Thoughts on the Schober Rezounder

I have been looking at the design of the Rezounder, Schober's replacement for the Reverbatape, and it strikes me that they made an economic error in it's design.

Effectively, they copied of the design of the Reverbatape, when they would have been better taking a slightly different approach.

First the reverbatape:
The reverbatape records the signal to the tape, then retrieves it three times, with three separate heads spaced approx. 100ms apart. It then loops the signal from the last head back into the record head.

Why use three heads? The answer to this is sound quality. Each time a signal is recorded to tape, then played back again, it degrades. By playing back each recording three times, at delayed intervals, the number of record/playback cycles is effectively reduced by three - the playback from the second and third heads will be the same quality as that of the first. Likewise, echoes 4,5 and 6 all of which result from the signals second time though the system, are again of the same quality as each other, and only two generations old. A comparable echo done on a single head playback system would be 6 generations old, with three times as much quality loss by the last of the six echoes.

The Rezounder followed pretty much the design concept of the Reverbatape, though instead of using the distance between tape heads to introduce the delay, it uses a trio of BBD delay chips, each of which was frightfully expensive at the time.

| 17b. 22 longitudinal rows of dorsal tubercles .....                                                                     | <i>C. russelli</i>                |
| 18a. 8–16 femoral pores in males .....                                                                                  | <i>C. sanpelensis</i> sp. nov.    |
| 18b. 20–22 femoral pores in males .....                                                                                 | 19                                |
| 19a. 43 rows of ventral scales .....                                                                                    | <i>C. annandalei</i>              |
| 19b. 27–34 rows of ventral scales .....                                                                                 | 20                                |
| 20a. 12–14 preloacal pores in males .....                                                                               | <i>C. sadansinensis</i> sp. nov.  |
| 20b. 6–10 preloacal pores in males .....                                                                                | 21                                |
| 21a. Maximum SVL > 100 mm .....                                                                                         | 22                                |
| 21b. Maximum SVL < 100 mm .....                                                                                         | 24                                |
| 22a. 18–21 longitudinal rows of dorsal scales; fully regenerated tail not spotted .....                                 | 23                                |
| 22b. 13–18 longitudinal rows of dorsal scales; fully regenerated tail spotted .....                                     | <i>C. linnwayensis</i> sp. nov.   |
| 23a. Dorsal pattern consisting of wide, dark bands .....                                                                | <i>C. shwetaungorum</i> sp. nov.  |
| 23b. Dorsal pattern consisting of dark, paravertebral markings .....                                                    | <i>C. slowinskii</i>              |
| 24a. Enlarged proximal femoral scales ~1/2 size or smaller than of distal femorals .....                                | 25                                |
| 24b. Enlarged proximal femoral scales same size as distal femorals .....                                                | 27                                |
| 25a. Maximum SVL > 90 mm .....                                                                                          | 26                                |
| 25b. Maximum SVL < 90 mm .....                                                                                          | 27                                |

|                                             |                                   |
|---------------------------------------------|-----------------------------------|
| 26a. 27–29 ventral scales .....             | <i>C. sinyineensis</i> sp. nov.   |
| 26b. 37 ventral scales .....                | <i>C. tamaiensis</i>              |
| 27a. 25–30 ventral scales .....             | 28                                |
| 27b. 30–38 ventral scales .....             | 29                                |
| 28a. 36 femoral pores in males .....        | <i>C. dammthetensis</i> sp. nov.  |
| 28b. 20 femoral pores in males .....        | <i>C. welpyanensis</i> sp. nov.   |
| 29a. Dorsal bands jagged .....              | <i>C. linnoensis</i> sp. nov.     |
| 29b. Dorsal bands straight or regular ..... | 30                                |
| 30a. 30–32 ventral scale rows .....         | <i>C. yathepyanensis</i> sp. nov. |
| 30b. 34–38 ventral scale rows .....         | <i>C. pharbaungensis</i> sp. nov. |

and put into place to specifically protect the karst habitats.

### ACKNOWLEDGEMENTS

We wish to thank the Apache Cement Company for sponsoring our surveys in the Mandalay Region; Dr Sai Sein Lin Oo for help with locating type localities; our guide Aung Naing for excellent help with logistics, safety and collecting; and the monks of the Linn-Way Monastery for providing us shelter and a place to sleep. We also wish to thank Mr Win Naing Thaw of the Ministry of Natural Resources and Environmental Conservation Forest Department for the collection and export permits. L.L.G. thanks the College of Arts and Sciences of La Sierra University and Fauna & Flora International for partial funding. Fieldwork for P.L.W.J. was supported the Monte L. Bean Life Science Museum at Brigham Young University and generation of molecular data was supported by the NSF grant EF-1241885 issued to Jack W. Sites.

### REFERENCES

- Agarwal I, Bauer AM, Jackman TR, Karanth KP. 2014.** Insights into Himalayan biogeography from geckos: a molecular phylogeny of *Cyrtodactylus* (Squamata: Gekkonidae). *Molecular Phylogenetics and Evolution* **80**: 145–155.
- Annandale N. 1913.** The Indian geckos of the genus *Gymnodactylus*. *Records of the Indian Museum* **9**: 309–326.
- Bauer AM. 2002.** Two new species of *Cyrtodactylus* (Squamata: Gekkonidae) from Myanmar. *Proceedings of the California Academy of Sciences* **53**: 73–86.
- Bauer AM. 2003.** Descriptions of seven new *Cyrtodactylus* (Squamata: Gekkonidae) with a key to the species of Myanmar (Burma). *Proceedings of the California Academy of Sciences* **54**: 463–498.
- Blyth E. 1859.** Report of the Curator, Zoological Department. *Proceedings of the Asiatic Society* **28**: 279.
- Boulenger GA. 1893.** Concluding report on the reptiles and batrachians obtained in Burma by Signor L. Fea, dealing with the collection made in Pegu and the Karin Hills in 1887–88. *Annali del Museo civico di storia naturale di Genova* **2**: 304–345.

The signal passes through each of these three delays in turn, then after the third delay is looped back into the input for delays 4,5, and 6, much like in the reverbatape. Each successive delay output (echo) is dropped by a further 1db when added to the output mix.

The sad thing here is that there is no advantage whatsoever in using three of these delay chips in series. Unlike the reverbatape, where there is only one record action for three playback actions, each delay chip in essence records and plays back within itself (not quite how it does it, but adequate for this concept), and thus subjects the signal to a loss of quality, so after passing through the three chips the first time, the signal has been degraded three times.

The exact same effect, with the exact same quality loss would result if a single delay chip was used, with a 1db reduced signal being fed back into itself, thus reducing the number of chips to 1/3. This I suspect, would have come near to halving the cost of the kit.


Article, art & design copyright 1999-2003 by Ken Stone

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